The Extremely Young Film Festival showcases the innovative talents of young filmmakers from around the world. Aurora Picture Show accepts submissions for short-film entries in two age categories: youth and teen. All types of short films—including stop-motion, live action, and documentary—are eligible.
Born out of the spirit of Aurora Picture Show's Extremely Shorts Film Festival, for film and video under 3 minutes long, Extremely Young Film Festival puts the spotlight on entries by filmmakers from age 7 to 17. The festival celebrates their artistic, creative, and technical strengths, and their interpretations of the world in which they live, recognizing that these voices are the future of media expression.
Even though the Extremely Young Film Festival takes place in Houston, all youth and teen filmmakers, from anywhere in the world, may submit their work for consideration. Here are the official selections for 2015:
West Child Story (Spain, 2½ min.)
by State School Santa Teresa Berta Coller
"A love story like Romeo and Juliet, like an American Tony and Maria from West Side Story, seen through the eyes of children who fall in love despite the race and physical problems. . . . Will it change the final with regard to the adult version?"
Modern Times (Temps Moderns) (Spain, 3 min.) by Pablo Vergara
"It has become appallingly obvious that our technology has exceeded our humanity."
Children of the World (India, 1½ min.) by Ecole Mondiale World School, Mumbai
This animated film about child rights focuses on a child who lives a happy childhood but is aware of the many who are not as privileged. Collaboratively created by Grade V students who each animated one shot from the film.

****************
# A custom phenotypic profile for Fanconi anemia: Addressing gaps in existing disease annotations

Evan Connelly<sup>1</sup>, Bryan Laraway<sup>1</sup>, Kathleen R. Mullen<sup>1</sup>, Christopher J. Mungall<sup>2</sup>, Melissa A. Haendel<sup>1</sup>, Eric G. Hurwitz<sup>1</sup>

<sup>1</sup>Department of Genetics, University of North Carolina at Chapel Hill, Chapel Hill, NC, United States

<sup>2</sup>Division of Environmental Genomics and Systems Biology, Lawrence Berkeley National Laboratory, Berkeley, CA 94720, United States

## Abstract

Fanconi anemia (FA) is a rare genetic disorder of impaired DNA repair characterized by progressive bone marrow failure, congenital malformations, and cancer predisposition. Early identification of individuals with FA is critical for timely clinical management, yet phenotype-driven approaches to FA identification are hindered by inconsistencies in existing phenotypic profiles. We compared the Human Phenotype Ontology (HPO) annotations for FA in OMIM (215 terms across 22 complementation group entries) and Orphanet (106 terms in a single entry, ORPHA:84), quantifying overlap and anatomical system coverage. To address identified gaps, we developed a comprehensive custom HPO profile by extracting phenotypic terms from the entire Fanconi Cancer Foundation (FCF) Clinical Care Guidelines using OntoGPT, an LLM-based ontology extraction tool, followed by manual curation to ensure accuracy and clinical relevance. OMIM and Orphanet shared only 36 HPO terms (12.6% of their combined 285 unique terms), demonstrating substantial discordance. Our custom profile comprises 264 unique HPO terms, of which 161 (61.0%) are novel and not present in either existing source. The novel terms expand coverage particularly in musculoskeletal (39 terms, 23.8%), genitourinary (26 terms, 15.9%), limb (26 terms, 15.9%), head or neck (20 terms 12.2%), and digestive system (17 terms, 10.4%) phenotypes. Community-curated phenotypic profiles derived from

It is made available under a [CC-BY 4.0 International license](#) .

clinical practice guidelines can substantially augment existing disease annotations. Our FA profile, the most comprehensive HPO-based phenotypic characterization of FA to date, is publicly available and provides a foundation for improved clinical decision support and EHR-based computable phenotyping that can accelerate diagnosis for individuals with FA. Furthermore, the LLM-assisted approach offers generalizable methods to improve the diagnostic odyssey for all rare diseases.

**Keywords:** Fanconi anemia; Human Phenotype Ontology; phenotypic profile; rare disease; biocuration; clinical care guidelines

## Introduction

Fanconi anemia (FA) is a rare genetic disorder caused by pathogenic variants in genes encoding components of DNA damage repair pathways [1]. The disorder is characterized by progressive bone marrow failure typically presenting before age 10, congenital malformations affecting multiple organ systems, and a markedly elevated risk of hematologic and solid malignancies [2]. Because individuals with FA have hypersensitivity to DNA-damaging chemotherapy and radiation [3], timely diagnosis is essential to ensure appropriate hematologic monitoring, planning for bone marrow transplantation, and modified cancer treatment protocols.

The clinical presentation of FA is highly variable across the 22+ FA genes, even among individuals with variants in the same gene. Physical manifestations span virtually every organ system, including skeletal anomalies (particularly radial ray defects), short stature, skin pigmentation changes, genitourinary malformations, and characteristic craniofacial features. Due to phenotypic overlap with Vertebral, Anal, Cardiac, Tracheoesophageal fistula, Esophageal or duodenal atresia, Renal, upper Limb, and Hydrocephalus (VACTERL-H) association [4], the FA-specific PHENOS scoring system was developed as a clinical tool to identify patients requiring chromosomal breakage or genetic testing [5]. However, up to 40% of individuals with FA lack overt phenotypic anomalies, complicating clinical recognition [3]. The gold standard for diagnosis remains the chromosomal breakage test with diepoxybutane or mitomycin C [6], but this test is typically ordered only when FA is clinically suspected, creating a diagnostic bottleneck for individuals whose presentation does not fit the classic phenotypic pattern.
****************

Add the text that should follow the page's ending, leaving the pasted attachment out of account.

The Hotel (Moldova, 3 min.) by Maria Grabovscaia
Animation film made by children ages 10 to 12.
Operation Relocation (USA, 3 min.) by Reed McFeely
Two blobs save planet Thrae with a rocket ship and a long piece of rope.
I'm in Love with High Heels (USA, 1½ min.) by Ethan Herschel Liss
Are high heels just for girls? Not according to Nate, who falls in love with a pair of high heels and never takes them off—but when his mom finds out, things go wrong.
One Nation (USA, 3 min.) by Anthony Hobbs
Steven and his friends (Jeffrey, Spice, Hope, Rose, and Brianna) decide they need to give back to the members of the army returning home after fighting for freedom.
Generations (USA, 2½ min.) by Janette Lu
A brother struggles to connect.
The Watcher (USA, 3½ min.) by Summer Fox
A young girl feels like she is being watched by a mysterious ghostly figure.
Snapped (USA, 3 min.) by Jun Hyung Park, Skyler Brigmann
The stalker found your house.
Stage Fright (USA, 2 min.) by Alex Gilmour
A magician is terrorized by a sweatshirt wizard.
9.99 (USA, 1 min.) by Abbey Sacks
An experimental film about consumerism.
Interlochen Students on Latin American Art (USA, 3 min.) by Abbey Sacks
A documentary about Interlochen students.
#HTXFAF: The Story of Free Art Friday (USA, 2½ min.) by Audrey Mills*
A documentary about the Free Art Friday movement in Houston.
Mr. Melborn (USA, 1 min.) by Alexia Salingaros
Lego animation, set to music, conveys the story of a man living in 18th-century London.
The Rescue (UK, 3 min.) by George Watkins
A fisherman is stranded at sea, but will the Coast Guard get to him in time?
Mind Galaxies (UK, 1½ min.) by Kaia Walmisley